About 30 years ago a report came out that indicated that dogs that were spayed after their heat cycle had about a 200% greater chance of developing breast cancer at a later age than those who were spayed before their first heat cycle. Because of this research, the entire veterinary profession in the US did an about face and changed their recommendations to spaying before the first heat cycle, meaning between 4-6 months typically. That recommendation continues today. Most males are neutered about the same time. Stray puppies and kittens at the shelters are neutered much younger, often as young as six weeks. Ouch. That’s another issue.
Let’s get back to the health considerations. Another issue regarding males is the potential for diseases associated with remaining intact. These diseases include prostate problems and testicular problems in older, intact males. Intact females also had a high potential for uterine infections (pyometra) as well as hormonally-related cancer. These were pretty much eliminated with neutering. I remember many fine old dogs dying on the surgery table with emergency surgery to remove an infected uterus that was about to rupture. When a male is neutered, the prostate gland becomes de-activated and this eliminates the potential for prostate infections and reduces the potential for prostate cancer. There are obviously many reasons why neutering is considered preventative for dogs and cats but what else should we consider?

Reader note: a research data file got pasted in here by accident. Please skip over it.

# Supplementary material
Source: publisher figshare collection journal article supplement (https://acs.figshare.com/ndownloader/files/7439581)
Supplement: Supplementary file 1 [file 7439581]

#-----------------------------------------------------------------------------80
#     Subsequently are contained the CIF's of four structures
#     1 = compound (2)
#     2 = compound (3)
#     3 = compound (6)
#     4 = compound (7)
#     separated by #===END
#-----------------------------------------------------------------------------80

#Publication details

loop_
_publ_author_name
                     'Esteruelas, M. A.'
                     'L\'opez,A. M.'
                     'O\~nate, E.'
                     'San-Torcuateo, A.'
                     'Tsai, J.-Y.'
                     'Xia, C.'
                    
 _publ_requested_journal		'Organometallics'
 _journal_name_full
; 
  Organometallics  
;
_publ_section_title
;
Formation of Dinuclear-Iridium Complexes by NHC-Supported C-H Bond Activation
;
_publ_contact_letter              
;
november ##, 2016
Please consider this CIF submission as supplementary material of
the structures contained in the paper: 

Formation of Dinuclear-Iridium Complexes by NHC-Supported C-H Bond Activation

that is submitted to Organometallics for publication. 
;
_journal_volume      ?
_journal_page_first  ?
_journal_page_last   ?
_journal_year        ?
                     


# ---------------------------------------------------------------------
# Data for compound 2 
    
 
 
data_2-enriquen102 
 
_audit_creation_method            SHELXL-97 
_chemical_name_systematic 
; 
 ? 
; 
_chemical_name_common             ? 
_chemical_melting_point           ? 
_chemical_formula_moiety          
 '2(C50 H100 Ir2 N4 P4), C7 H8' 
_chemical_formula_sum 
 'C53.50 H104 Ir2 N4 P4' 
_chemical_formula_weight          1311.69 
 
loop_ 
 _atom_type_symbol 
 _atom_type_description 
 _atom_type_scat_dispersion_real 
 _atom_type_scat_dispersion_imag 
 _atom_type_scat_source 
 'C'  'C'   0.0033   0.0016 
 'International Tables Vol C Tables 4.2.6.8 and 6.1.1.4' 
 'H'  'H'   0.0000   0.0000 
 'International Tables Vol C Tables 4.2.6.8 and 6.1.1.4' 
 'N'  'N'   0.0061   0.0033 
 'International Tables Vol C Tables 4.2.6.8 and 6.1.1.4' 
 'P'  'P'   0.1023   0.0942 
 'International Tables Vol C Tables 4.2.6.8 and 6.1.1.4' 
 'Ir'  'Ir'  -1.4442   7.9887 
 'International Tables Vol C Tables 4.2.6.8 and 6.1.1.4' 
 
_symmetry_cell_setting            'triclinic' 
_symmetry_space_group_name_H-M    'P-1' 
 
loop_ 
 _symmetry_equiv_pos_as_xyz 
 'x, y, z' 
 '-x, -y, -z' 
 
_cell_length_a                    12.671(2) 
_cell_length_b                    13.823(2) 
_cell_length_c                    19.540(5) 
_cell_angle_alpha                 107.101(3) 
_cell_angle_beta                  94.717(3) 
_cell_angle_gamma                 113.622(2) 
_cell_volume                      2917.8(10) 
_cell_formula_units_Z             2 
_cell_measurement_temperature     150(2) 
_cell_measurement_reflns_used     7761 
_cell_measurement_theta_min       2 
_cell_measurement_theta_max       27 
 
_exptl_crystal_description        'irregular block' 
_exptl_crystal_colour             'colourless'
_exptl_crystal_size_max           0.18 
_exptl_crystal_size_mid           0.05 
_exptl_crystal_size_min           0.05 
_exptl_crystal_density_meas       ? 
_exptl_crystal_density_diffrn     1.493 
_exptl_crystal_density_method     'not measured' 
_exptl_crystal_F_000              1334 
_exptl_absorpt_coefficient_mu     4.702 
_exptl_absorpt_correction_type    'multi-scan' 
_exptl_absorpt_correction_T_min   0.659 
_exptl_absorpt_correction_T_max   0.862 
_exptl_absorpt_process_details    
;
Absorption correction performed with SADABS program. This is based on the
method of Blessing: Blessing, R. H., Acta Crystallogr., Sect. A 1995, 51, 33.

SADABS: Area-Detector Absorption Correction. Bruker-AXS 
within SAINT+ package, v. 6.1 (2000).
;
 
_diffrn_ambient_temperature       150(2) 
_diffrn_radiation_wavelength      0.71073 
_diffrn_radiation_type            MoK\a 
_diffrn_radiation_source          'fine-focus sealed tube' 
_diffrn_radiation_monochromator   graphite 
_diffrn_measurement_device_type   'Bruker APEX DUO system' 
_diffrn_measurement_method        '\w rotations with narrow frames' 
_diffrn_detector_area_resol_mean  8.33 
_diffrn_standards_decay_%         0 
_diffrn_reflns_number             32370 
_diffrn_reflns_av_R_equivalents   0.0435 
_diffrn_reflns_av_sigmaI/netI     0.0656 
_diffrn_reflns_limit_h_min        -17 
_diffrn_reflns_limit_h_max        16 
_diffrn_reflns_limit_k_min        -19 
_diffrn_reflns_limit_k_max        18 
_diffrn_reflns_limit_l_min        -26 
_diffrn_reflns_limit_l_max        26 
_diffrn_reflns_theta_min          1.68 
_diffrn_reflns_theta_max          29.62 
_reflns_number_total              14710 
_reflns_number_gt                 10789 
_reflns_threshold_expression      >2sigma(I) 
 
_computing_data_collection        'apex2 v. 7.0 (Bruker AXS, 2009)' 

Research now indicates that neutering a dog or cat at early ages prevents normal development and eliminates other sex hormone influence on the body. Estrogen, the female hormone produced in dogs and cats, is eliminated by spaying. Many dogs, after having been spayed, develop urinary incontinence. This is because estrogen plays a role in the function of the bladder sphincter. When it is removed, the sphincter gets sloppy and some dogs begin to leak urine. This is similar to some humans who develop urinary incontinence post-menopausal.
Some people believe that removing the sex hormones will reduce the ability for the dog to perform. Working dogs, such as Labradors, Border Collies, etc. will often be kept intact in order for them to perform at their maximum ability. In the reports I have seen, it does not appear to affect their performance but many old-timers believe otherwise. Some breeds will not allow spayed or neutered dogs to perform.